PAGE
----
Up the River Reisa
An experienced local boatman pilots a long, slim riverboat up the river. Banks of birch, alder and aspen slowly give way to dense pine forest. The occasional tent is pitched beside a boat pulled up onto the bank, as this is salmon season and the fishermen need a siesta at midday. The landscape gradually becomes wilder, and the steep cliffs crowd closer to the river, turning the valley into a narrow canyon. Shining ribbons of water stream over the bare rock and cascade down rugged scree.
The riverboat picks its way
One minute the boat is in centre-stream, the next it has swerved to the bank, causing its passengers to duck below low birch branches. Sometimes the river splits into several channels, at other times it is half-blocked by banks of pebbles and, in places, large boulders lurk just below the surface. The water abruptly turns choppy over some rapids, then just as quickly runs calm again. Sometimes you think the boat has run aground, but the boatman knows this river like the back of his hand, and he always picks the safest route.
To the waterfall
Even from the river, you can see the waterfall plunging down the cliff. You jump ashore and walk through the forest towards the loud rumble, catching glimpses of its white waters between the birch leaves. Then it's revealed in all its majesty, across a meadow filled with wild flowers. The sight is overwhelming — words can't describe it. Which is just as well, as you can barely hear a word over the roaring water.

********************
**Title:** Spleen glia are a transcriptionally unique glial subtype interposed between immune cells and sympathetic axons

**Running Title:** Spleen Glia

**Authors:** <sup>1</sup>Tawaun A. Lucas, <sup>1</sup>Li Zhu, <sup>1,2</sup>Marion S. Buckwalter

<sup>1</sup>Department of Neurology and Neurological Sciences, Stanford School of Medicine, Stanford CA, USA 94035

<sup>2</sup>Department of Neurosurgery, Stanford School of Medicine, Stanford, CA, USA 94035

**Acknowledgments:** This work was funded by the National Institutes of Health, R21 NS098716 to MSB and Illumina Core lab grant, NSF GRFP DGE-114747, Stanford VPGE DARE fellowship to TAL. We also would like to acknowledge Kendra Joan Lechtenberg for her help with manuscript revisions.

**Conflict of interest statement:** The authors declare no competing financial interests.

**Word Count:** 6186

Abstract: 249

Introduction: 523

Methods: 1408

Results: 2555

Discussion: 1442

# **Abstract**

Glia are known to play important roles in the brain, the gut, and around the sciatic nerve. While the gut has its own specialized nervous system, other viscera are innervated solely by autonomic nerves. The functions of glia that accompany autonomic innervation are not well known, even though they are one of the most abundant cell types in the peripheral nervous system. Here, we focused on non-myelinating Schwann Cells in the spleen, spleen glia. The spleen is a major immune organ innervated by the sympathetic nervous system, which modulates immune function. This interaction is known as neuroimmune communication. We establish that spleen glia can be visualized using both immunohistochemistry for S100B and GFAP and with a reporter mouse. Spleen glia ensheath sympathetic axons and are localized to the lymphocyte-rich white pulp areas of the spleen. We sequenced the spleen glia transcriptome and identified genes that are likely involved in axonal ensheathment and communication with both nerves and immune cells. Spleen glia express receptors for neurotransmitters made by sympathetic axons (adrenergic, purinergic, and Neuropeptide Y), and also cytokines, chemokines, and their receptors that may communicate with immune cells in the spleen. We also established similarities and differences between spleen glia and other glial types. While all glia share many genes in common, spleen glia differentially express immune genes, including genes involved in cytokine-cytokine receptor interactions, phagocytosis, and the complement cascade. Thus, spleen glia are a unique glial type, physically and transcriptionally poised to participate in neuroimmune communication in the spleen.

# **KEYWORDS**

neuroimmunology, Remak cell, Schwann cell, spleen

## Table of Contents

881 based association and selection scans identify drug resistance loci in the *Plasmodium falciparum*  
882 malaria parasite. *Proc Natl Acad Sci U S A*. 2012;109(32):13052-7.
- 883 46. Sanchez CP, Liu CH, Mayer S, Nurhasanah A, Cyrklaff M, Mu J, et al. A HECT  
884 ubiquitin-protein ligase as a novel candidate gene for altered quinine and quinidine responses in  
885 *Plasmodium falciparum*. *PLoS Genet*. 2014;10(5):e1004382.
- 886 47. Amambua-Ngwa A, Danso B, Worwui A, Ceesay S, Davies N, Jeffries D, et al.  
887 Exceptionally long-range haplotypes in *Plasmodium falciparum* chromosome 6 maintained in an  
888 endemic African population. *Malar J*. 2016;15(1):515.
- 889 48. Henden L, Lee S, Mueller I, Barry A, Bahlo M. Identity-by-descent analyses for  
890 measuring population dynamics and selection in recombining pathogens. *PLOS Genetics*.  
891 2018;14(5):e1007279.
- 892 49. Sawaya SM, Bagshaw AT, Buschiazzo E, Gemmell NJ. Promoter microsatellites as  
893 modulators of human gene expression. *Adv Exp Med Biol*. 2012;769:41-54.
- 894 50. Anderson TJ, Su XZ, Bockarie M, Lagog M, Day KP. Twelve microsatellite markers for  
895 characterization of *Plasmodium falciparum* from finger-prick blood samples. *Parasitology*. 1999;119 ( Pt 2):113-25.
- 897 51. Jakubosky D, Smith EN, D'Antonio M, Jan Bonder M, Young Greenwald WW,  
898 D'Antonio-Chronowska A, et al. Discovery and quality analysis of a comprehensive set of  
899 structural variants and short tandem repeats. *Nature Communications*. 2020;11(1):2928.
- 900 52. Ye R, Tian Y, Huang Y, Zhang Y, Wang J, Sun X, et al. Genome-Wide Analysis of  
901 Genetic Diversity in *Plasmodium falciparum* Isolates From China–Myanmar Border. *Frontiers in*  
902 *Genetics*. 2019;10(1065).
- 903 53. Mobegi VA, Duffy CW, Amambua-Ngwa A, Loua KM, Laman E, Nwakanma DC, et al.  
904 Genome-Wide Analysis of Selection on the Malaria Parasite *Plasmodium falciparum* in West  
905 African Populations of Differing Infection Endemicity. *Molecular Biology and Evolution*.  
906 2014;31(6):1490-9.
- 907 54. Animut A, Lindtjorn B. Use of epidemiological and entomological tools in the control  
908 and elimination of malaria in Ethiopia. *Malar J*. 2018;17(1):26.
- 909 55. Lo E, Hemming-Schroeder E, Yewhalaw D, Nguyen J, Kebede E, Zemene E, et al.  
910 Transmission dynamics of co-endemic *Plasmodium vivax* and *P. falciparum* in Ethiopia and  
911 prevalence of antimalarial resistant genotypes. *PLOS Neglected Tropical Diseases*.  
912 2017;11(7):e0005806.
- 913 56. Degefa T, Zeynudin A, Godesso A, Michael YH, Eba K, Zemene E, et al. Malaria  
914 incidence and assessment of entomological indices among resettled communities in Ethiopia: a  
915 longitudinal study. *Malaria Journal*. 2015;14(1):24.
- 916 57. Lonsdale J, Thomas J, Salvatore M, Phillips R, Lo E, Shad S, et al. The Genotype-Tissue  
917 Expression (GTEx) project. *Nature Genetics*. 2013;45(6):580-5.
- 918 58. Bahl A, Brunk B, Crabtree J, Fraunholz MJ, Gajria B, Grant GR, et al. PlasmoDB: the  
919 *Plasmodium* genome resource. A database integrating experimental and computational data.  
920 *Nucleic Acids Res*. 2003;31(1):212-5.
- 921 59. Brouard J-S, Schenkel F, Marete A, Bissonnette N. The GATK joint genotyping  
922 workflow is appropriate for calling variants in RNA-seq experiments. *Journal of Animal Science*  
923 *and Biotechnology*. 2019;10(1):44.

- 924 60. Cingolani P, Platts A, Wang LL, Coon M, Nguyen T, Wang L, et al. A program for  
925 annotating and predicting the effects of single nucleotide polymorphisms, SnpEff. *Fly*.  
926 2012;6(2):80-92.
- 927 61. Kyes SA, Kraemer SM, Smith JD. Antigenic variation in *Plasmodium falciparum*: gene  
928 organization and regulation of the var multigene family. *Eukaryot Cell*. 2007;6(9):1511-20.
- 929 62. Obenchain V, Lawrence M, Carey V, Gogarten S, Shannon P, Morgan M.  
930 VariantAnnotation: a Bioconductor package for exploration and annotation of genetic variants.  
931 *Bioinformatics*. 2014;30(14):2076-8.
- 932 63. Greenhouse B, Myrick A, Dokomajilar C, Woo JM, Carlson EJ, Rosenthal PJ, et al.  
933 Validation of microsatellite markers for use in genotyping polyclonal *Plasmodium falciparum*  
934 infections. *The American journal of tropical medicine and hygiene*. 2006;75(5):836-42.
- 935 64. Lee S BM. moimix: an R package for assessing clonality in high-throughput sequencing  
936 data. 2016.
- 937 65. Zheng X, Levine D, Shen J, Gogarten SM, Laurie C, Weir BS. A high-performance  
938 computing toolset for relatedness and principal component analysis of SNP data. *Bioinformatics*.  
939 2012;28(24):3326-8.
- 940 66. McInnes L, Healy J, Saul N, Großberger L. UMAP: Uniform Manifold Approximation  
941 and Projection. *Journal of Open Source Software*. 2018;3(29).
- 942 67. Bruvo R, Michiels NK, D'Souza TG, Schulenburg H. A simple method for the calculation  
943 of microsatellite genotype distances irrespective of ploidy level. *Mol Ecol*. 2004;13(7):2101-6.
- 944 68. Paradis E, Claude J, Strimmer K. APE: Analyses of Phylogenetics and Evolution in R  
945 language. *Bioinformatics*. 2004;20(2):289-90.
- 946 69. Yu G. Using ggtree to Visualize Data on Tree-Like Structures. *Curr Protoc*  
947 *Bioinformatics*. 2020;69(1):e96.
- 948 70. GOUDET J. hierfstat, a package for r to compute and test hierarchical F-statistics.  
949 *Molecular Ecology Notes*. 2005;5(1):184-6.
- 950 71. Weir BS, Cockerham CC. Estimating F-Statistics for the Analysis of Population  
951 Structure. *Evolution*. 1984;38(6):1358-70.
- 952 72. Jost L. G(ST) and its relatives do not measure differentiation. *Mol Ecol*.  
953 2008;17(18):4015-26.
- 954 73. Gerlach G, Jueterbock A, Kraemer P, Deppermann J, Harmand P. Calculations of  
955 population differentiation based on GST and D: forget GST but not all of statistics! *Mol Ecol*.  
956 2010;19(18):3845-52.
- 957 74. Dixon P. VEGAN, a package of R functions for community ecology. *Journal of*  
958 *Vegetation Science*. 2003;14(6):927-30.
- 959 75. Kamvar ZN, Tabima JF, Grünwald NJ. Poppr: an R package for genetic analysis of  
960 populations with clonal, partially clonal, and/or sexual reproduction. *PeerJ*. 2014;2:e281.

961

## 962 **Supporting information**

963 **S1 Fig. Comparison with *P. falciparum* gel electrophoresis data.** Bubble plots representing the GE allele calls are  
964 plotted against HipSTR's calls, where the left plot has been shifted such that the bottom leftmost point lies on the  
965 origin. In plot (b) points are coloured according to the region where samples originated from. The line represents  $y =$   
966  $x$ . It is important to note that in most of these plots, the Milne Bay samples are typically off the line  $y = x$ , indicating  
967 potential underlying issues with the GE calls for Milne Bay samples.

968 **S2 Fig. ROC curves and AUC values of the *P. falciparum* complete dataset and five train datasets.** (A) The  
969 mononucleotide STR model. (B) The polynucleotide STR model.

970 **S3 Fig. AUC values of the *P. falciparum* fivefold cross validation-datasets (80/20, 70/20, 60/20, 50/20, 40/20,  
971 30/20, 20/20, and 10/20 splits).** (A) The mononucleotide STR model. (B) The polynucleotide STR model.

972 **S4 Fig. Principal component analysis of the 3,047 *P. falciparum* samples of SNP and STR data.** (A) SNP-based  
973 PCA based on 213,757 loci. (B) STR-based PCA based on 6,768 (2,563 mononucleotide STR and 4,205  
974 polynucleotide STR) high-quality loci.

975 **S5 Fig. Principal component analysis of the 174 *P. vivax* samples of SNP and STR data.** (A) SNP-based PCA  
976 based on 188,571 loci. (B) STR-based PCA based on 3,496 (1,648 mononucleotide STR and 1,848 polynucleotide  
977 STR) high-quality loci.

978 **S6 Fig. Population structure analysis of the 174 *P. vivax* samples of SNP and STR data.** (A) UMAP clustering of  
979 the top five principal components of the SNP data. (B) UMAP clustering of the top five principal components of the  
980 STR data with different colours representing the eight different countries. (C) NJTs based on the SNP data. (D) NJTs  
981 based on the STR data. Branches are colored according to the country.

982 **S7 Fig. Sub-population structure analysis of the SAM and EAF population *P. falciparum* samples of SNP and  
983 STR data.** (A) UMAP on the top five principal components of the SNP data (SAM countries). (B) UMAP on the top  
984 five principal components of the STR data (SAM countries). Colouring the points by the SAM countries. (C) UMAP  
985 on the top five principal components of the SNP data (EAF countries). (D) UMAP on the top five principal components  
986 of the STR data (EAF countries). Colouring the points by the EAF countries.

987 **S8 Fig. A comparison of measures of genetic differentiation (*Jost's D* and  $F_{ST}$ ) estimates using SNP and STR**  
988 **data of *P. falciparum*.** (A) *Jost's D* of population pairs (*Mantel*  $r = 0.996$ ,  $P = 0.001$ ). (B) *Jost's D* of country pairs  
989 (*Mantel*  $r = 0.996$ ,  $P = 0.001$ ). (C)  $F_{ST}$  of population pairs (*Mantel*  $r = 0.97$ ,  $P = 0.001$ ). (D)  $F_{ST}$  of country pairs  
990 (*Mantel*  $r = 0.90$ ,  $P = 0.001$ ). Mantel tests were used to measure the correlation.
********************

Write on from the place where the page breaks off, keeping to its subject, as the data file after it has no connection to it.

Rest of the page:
Up close, you look down into the pool beneath the falls, where a rainbow rises out of the misty spray. The water plunging into the pool creates a wind that sweeps up the knoll on the opposite side, laden with spray that sparkles in the sunlight. Naturally, you have to take photos, but your gaze keeps returning to the mass of water pouring over the ravine at the top. Afterwards, you have coffee round the camp fire, awed by what you have seen.
Mollisfossen has a fall of 269 metres (883 feet), of which 140 metres (459 feet) is free falling. The waterfall is on the Mollešjohka river, just before this runs into the River Reisa. It is the highest waterfall in Northern Norway, and one of the most beautiful in the country. It is so remote that few people visit it, but there are regular riverboat trips there in the summer, taking about an hour each way, plus a break at the falls while the boatman brews coffee on a camp fire beside the riverbank.
Into the wilderness
Mollisfossen marks the start of the Reisa National Park, a huge untouched wilderness that covers the whole inner part of Nordreisa, and parts of Kautokeino municipality in Finnmark. Mountain-lovers disappear for days on end on trips that culminate in Kautokeino or Kilpisjärvi in Finland; this area offers fantastic hiking trips for only the fit, experienced and well-equipped. However, shorter trips to places like the Nedrefoss cabin or Imofossen waterfalls are within the average person's reach, although you have to arrange to be picked up by Elvebåtsenteret. It is also possible to haul a canoe upriver and paddle back down. The River Reisa is one of Norway's best salmon rivers, and you can catch sea trout here too. As you would expect, anglers also make use of the riverboats.
Into the wilderness with ease
A boat trip to Mollisfossen waterfall is not strenuous. It is only a few minutes' walk to the waterfall, so children, older people and many disabled people can manage it — it is a unique opportunity to experience untouched wilderness. It takes less than an hour to drive up from the municipal centre of Storslett past the villages of the Reisa valley to Saraelv, where the road ends and the wilderness takes over. All the trips must be pre-booked via http://www.elvebaat.no. If you want to hike, fish or canoe, Elvebåtsenteret is also your first point of contact.